Good for news for people with diabetes, and it's edible, too. Scientists at the National University of Singapore have created a bread with anthocyanin, a plant pigment that helps slow digestion, which helps the body keep glucose levels in the blood under control. The team hopes it will help pave the way for a new market of healthier food products for people who have to manage their diabetes.
The team, led by Professor Zhou Weibiao, found that when dough with one percent of anthocyanin extract from black rice was baked at a temperature of 200° C (392° F) for eight minutes, digestion rates decreased by 12.8 per cent. When they increased the amount of anthocyanin to four percent, the digestion rate was even slower, dropping to 20.5 percent.
This happens because anthocyanin can inhibit digestive enzymes, making digestion slower and improving blood glucose control in the process. Conversely, starch found in standard bread is rapidly digested and absorbed into the bloodstream, making sugar levels rise too quickly because of its high glycemic index.
Besides slowing digestion, adding anthocyanin to food offers other health benefits, the researchers say. Anthocyanin is rich in antioxidants, and can help prevent cardiovascular and neurological diseases, cancer and inflammation.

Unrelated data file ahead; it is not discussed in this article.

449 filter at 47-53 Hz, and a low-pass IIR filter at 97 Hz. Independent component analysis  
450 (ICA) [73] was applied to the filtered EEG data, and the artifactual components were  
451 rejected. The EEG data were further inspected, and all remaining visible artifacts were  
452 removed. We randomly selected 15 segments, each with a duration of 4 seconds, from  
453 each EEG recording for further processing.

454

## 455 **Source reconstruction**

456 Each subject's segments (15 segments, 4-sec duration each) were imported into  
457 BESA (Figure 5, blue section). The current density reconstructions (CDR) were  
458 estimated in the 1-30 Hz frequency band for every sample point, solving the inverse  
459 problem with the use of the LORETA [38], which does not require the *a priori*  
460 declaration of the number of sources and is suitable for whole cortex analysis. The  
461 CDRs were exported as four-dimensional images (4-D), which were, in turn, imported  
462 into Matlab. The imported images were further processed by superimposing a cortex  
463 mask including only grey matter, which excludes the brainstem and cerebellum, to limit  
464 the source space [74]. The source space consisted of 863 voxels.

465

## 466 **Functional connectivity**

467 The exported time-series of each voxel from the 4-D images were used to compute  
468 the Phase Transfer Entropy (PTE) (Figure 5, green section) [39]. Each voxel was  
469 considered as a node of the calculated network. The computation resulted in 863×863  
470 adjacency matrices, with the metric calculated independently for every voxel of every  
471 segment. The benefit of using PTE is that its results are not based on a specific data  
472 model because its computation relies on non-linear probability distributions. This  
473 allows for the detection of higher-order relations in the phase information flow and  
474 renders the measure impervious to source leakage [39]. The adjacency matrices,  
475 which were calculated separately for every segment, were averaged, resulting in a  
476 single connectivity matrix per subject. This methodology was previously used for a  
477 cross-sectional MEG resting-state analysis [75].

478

The research goes back to 2014 when the team looked into the degradation of anthocyanins during baking. At the time, they found that 8- percent of the antioxidant capacity of the bread crust and crumb was retained even when baked at 240° C (464° F) for up to 12 minutes.
"Our results demonstrate that it is indeed feasible to create functional food products through anthocyanin fortification, using bread as an example," says Prof Zhou. "We hope to conduct further studies to incorporate anthocyanins into other food items, such as biscuits. Our team is also keen to explore opportunities to work with industry partners to introduce the anthocyanin-fortified bread to the market."
Besides black rice, anthocyanins, which belong to a class of molecules called flavonoids, can be found in several fruit and vegetable types, such as berries, grains and purple sweet potatoes.
The study appeared in the October 2015 issue of the journal Food Chemistry.
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